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ChatGPT’s current iteration is almost twice as persuasive as the average human being

While people are getting better at identifying the difference between human content and that generated by artificial intelligence, so too is AI becoming more convincing, according to a new study.

user iconDaniel Croft 08 April 2024 Big Law
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OpenAI’s latest iteration of ChatGPT, GPT-4, was almost twice as persuasive than actual humans when given access to personal information, as discovered in a new study.

Researchers at the Swiss Federal Institute of Technology Lausanne (EPFL) tested 820 people by putting them through a number of debates on a number of topics against each other and/or AI chatbots, with some AI large language models (LLMs) given personal information, and some without.

The result was that when GPT-4 was given personal information to work with, it was 81.7 per cent more persuasive than any human.


“Our results show that, on average, LLMs significantly outperform human participants across every topic and demographic, exhibiting a high level of persuasiveness,” the study said.

“In particular, debating with GPT-4 with personalisation results in an 81.7 per cent increase.”

The study added that when not given any personal data to work with, GPT-4 still outperformed humans in persuasiveness, “but to a lower extent” of 21.3 per cent, adding that “the effect is not statistically significant”.

Additionally, when “personalisation was enabled” for human participants, they actually became less persuasive, but by a statistically negligible margin.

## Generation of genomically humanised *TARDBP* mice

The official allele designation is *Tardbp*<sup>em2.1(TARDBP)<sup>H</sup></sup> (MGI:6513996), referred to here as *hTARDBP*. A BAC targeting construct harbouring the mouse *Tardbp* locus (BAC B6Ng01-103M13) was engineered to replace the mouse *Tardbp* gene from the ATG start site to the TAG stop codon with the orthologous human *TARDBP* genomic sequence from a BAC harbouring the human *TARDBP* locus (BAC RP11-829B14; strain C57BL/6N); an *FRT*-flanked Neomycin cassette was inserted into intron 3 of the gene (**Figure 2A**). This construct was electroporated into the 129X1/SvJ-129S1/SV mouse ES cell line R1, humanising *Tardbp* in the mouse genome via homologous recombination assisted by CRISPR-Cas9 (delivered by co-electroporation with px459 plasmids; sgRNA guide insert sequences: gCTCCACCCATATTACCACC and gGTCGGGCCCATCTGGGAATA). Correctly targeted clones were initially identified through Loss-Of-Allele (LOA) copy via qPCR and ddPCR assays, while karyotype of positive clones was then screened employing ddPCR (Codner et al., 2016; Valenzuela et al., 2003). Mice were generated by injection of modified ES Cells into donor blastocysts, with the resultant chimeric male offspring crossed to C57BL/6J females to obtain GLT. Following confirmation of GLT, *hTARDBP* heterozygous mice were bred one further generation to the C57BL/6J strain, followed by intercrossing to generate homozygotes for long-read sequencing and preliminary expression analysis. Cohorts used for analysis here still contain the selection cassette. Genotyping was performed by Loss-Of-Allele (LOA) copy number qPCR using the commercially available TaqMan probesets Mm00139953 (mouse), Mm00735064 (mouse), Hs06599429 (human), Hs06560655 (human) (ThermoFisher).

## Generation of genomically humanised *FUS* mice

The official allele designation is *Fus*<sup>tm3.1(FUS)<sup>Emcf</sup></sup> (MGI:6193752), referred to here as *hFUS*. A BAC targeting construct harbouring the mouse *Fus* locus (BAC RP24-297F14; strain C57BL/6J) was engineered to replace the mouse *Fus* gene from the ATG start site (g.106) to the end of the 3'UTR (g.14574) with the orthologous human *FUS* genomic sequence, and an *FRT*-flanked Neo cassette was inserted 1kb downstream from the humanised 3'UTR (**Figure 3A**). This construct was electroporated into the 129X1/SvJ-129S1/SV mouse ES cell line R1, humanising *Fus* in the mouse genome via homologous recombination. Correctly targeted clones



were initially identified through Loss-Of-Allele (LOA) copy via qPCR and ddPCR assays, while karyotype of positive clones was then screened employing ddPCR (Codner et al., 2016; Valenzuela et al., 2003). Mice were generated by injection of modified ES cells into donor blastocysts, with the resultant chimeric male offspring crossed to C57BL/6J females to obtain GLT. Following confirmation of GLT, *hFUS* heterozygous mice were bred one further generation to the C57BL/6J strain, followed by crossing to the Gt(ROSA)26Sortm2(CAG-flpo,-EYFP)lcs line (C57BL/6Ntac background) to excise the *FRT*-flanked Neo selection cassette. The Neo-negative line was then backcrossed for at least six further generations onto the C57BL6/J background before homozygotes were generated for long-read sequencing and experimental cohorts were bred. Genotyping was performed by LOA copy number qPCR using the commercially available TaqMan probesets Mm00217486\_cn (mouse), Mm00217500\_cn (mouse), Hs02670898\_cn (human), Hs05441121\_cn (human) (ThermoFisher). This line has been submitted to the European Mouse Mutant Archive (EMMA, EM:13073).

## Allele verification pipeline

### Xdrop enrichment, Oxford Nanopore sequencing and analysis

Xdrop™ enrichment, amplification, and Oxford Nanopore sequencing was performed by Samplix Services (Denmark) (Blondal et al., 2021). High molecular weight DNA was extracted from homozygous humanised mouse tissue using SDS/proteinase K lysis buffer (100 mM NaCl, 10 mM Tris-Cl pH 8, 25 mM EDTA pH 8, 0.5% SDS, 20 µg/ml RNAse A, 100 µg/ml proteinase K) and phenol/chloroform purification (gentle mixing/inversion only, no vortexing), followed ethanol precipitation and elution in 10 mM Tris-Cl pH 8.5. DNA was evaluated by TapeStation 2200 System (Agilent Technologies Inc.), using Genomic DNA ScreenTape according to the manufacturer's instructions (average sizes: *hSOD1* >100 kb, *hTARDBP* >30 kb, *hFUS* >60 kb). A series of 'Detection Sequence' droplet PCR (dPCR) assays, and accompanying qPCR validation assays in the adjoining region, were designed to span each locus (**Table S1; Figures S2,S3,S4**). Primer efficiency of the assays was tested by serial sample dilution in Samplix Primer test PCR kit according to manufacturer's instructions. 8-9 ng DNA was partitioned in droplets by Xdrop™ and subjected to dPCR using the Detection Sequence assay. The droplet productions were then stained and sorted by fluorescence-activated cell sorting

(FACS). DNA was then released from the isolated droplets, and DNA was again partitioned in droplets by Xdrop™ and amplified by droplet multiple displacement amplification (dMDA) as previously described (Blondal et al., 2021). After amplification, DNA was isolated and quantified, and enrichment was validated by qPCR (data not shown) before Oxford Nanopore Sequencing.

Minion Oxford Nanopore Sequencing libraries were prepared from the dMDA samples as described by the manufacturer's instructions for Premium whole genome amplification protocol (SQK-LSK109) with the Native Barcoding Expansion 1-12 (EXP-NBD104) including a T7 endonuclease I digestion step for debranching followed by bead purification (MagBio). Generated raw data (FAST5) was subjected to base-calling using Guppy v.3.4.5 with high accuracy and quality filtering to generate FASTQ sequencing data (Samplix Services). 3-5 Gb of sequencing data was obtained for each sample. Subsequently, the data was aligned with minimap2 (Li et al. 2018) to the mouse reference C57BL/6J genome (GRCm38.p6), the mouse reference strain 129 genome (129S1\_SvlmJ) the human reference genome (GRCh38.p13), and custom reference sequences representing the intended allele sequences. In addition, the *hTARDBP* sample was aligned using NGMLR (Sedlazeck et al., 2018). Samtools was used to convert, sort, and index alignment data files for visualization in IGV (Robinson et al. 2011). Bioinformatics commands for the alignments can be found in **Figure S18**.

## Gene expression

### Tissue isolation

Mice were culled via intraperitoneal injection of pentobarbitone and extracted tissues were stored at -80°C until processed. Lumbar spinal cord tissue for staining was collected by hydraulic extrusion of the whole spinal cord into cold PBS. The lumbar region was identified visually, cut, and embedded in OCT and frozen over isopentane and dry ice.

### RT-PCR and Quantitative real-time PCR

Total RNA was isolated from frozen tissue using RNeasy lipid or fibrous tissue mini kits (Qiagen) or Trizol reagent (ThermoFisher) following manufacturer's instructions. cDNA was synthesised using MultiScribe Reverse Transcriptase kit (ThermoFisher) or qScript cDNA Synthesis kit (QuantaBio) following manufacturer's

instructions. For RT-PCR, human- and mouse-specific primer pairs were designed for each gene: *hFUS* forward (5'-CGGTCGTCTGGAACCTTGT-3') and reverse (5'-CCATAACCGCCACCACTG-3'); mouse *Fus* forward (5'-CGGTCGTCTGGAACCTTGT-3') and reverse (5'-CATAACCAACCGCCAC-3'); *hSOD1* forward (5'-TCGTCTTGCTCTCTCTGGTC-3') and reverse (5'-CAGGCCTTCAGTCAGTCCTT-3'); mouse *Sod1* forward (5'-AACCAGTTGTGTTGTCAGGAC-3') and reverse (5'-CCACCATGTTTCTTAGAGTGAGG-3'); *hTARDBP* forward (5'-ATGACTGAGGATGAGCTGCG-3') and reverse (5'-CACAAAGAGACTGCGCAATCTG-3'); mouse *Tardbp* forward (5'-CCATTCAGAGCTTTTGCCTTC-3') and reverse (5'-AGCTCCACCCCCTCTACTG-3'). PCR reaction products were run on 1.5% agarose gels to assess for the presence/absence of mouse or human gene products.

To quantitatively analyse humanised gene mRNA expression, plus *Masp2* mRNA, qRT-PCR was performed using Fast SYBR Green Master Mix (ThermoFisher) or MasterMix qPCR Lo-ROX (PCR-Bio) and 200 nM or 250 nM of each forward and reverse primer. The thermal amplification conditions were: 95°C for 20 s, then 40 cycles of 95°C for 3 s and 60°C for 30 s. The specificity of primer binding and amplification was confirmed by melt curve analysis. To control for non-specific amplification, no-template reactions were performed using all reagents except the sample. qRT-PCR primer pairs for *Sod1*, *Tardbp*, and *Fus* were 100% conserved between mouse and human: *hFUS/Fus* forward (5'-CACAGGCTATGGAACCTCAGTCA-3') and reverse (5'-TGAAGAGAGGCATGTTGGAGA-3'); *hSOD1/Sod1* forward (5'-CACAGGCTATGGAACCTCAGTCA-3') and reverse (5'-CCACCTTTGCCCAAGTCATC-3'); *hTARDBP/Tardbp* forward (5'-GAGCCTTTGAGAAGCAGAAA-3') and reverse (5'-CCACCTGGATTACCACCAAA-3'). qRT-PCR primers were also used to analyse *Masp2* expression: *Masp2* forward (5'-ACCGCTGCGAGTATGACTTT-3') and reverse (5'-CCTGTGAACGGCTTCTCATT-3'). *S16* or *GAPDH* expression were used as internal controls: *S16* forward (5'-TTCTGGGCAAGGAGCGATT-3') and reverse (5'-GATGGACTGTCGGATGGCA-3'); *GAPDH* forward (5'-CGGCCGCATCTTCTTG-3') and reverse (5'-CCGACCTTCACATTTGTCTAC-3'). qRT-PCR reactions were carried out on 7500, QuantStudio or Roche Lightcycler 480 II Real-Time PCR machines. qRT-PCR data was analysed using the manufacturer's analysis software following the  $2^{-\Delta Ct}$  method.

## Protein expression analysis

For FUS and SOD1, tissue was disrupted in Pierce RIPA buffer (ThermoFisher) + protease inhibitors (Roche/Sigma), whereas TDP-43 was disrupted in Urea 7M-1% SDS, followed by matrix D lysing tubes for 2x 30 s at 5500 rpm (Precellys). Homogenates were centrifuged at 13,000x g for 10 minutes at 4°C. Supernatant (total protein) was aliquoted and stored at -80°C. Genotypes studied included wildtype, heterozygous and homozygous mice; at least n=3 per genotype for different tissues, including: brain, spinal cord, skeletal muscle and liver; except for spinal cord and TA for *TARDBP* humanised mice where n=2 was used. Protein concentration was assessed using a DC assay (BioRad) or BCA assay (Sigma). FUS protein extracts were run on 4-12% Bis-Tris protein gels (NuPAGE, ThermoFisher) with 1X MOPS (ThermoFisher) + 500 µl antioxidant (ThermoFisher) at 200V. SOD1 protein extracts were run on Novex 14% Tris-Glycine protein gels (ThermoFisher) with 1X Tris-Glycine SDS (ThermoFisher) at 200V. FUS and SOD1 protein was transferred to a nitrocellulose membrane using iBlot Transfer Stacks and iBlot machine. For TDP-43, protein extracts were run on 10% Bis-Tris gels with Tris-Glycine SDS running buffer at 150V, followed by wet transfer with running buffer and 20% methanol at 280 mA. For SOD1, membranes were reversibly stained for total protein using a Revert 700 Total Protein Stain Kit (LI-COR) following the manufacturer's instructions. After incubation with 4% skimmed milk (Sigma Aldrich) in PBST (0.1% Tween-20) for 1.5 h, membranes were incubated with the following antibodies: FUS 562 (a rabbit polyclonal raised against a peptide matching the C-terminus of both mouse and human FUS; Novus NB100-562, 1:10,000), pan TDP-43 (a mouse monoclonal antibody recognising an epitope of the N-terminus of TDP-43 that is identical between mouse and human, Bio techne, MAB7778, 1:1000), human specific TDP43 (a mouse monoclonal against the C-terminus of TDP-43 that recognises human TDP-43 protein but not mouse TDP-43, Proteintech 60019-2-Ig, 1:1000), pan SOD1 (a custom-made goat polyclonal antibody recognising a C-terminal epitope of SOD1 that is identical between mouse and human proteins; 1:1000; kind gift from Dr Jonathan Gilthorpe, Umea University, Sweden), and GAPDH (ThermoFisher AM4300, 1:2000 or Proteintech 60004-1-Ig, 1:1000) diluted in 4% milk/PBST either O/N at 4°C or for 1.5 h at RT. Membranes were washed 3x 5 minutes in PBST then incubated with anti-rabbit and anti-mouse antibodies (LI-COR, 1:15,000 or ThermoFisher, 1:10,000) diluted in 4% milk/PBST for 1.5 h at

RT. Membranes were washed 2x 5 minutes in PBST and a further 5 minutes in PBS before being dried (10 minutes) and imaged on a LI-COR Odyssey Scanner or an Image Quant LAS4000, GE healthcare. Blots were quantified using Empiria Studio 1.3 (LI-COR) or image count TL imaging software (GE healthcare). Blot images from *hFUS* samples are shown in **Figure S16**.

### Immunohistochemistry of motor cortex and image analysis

The findings are alarming for a number of reasons, most significantly the danger of AI being used for malicious purposes.

It is already well documented that AI is capable of assisting scammers and cyber criminals effectively, being used to assist in code writing, creating phishing emails and messages, and much more.

Now, however, these tools are exceeding the capabilities of humans when it comes to persuasion, making the use of AI to create phishing scams and lure in victims much more dangerous and effective.

Additionally, threat actors could use these LLMs for mass disinformation during elections or other serious events to sway public opinion.

“Malicious actors interested in deploying chatbots for large-scale disinformation campaigns could obtain even stronger effects by exploiting fine-grained digital traces and behavioural data, leveraging prompt engineering or fine-tuning language models for their specific scopes,” said the researchers.

“We argue that online platforms and social media should seriously consider such threats and extend their efforts to implement measures countering the spread of LLM-driven persuasion.”

Despite the LLMs’ increased persuasiveness, the study also found that participants identified when they were speaking to an AI most of the time, roughly 75 per cent of the time, meaning AI still has specific traits different to humans, stunting the efficacy of these tools for malicious tools, for now.

That being said, AI continues to advance rapidly, and significant investments mean the technology is only becoming more capable, and identifying AI-generated content is becoming harder to accomplish.